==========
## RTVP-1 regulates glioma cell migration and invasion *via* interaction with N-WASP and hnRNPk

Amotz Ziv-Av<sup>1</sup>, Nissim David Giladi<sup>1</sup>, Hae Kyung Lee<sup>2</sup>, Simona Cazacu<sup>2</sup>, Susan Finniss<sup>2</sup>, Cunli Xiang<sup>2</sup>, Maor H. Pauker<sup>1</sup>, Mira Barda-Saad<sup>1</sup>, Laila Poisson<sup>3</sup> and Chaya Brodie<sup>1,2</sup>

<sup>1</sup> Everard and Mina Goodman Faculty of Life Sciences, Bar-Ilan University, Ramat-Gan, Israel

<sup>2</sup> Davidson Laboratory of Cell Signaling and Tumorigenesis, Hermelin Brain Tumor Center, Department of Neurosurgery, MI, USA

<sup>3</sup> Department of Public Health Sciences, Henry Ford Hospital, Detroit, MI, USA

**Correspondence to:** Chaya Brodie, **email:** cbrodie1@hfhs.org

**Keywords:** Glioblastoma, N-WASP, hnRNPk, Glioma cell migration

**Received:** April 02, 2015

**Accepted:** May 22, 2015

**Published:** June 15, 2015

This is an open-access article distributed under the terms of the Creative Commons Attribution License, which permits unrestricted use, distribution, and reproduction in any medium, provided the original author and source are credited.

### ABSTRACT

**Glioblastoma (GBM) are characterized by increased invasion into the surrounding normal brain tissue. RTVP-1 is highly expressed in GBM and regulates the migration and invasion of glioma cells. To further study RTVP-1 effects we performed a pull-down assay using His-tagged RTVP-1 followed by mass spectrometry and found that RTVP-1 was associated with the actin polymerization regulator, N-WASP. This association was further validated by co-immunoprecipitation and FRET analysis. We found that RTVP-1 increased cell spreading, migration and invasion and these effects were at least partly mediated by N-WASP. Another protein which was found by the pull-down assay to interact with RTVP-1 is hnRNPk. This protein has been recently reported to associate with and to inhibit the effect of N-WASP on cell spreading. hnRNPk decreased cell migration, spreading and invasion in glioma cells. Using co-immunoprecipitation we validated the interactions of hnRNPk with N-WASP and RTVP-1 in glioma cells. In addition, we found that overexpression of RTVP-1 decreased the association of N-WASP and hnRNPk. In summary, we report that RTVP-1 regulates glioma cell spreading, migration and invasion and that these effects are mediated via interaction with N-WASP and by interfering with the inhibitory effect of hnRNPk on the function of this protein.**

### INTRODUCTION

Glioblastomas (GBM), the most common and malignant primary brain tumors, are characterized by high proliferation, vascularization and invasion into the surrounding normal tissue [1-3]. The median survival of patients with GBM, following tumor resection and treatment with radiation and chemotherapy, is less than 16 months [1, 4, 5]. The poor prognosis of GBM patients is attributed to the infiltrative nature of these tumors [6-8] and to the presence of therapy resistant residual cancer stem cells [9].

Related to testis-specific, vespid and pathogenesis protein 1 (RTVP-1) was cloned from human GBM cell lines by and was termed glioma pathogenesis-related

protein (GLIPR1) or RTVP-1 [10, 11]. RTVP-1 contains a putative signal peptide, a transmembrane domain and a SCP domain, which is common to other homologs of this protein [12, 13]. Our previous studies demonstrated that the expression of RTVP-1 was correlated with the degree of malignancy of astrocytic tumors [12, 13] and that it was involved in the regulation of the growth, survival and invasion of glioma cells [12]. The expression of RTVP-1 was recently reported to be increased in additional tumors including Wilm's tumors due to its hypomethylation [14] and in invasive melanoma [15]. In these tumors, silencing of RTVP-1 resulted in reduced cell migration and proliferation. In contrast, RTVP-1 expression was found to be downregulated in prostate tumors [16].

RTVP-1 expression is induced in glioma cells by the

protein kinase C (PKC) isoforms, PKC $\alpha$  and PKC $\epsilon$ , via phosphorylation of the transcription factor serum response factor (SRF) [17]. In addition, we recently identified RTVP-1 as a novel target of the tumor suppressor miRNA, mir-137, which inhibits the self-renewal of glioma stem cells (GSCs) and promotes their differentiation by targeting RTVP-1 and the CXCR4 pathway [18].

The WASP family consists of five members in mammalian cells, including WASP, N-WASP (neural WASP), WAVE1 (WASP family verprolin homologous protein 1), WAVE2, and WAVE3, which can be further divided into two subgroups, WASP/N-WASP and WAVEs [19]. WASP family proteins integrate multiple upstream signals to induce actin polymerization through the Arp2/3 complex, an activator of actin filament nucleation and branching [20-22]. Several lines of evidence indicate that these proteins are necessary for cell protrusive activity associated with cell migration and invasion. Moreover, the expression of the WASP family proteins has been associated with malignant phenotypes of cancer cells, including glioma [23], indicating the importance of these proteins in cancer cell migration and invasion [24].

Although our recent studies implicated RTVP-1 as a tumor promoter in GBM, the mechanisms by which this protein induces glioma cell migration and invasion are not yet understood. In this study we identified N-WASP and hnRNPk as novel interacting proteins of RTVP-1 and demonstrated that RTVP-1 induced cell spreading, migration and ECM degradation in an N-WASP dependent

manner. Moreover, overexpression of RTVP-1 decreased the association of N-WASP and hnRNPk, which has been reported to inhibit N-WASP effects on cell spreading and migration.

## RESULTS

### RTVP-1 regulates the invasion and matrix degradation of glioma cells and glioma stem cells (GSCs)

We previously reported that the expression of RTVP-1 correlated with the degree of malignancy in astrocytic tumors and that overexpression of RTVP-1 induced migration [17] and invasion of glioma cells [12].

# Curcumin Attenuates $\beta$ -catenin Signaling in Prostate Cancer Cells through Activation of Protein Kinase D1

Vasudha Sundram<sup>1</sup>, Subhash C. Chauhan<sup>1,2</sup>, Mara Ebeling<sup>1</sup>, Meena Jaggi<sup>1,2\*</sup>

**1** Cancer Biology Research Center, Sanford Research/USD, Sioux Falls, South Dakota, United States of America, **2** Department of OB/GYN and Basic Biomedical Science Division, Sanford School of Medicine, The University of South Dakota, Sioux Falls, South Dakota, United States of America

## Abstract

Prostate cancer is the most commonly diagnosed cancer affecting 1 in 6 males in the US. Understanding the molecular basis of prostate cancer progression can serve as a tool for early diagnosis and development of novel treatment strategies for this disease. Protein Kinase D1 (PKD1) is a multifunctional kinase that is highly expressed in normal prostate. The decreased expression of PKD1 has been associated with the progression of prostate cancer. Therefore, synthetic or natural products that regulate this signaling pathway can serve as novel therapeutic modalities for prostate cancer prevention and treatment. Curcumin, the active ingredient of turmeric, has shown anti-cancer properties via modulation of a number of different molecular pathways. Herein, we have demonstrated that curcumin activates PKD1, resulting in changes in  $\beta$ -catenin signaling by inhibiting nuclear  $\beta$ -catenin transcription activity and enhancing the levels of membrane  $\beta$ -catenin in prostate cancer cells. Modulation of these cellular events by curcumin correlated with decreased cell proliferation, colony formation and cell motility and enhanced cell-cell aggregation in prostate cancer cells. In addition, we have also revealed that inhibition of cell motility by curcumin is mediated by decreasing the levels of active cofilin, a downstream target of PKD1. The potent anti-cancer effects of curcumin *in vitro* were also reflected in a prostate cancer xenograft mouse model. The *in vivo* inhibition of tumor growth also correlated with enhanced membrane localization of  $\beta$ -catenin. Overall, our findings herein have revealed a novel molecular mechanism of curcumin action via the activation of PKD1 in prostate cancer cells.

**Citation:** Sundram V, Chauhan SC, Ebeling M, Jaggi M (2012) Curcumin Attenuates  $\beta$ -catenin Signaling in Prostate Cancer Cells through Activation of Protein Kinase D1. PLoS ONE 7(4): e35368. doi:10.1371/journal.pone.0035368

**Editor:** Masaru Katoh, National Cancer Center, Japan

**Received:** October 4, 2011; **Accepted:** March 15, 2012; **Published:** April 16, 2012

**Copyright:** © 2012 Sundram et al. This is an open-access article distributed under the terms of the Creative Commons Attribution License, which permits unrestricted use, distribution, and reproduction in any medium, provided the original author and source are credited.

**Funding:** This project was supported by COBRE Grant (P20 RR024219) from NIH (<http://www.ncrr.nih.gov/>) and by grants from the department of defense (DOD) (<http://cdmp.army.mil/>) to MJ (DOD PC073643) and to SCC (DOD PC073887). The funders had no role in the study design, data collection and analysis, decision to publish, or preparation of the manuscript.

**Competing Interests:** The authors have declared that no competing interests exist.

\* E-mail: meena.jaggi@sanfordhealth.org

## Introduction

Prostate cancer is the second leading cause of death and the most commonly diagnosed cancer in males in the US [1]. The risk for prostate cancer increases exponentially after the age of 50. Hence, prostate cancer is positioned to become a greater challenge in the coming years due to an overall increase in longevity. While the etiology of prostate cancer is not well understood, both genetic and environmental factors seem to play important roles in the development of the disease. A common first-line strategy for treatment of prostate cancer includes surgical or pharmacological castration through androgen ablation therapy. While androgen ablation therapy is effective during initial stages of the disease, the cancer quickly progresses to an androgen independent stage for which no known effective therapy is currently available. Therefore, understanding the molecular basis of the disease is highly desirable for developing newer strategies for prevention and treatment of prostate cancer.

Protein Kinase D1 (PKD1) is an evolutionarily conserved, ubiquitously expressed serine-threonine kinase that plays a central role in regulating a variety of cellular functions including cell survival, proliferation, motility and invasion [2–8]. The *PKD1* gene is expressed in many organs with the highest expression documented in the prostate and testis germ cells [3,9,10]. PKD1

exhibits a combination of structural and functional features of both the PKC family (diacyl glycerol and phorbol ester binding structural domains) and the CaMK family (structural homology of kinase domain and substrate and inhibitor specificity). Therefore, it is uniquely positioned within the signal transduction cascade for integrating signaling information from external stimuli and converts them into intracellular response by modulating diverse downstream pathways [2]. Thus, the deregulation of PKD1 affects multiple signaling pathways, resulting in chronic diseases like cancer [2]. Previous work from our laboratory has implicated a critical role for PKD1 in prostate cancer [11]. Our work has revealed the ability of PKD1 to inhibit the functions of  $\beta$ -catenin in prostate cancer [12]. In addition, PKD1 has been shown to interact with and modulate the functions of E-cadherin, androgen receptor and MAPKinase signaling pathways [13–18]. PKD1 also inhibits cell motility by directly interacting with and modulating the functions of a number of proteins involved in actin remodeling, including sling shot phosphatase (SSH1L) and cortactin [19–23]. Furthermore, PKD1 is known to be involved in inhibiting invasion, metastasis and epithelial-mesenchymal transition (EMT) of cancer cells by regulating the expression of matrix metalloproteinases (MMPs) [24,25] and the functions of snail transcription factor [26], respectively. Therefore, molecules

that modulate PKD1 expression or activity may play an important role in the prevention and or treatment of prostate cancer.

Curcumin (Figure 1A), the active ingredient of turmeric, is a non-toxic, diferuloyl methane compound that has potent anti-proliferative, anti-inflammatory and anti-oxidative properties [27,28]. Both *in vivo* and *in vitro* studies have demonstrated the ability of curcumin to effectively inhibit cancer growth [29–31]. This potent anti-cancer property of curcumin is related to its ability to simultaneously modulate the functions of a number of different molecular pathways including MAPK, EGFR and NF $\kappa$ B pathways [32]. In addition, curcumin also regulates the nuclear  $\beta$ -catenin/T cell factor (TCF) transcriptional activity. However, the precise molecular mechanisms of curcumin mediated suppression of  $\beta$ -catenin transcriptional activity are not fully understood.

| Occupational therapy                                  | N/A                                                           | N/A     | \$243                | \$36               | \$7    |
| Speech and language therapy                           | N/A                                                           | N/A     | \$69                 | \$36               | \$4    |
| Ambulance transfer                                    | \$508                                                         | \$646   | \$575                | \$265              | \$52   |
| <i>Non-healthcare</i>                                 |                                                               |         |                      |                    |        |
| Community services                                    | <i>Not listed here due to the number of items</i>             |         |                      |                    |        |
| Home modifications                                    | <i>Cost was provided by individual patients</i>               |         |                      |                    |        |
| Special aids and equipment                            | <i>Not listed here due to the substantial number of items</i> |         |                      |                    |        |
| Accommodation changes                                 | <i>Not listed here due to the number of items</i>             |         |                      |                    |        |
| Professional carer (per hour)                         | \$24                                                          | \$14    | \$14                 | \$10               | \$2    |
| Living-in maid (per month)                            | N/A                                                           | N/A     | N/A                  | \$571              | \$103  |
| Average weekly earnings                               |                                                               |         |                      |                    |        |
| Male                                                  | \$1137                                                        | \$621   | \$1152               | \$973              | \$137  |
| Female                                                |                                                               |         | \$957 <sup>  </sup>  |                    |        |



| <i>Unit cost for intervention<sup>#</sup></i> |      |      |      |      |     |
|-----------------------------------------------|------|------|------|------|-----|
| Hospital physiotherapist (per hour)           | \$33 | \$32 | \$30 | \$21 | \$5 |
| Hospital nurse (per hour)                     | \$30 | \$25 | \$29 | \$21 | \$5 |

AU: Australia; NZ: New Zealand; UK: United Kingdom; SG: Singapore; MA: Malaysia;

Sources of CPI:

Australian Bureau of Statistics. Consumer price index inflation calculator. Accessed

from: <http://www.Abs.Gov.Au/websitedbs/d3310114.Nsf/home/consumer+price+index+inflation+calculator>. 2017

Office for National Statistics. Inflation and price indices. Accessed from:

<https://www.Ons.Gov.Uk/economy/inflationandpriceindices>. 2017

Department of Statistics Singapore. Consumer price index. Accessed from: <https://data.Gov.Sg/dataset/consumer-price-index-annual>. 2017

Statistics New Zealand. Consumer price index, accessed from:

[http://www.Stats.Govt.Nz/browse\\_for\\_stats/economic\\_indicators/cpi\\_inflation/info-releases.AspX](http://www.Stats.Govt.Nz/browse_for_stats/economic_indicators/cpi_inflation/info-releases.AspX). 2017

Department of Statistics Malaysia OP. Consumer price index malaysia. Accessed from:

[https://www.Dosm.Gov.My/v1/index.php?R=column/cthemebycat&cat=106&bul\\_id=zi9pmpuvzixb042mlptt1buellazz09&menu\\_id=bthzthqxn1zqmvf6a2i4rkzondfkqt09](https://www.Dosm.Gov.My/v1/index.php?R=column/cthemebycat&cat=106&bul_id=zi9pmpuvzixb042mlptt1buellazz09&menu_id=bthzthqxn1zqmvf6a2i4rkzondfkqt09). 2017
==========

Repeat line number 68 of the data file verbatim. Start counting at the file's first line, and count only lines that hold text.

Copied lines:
Statistics New Zealand. Consumer price index, accessed from: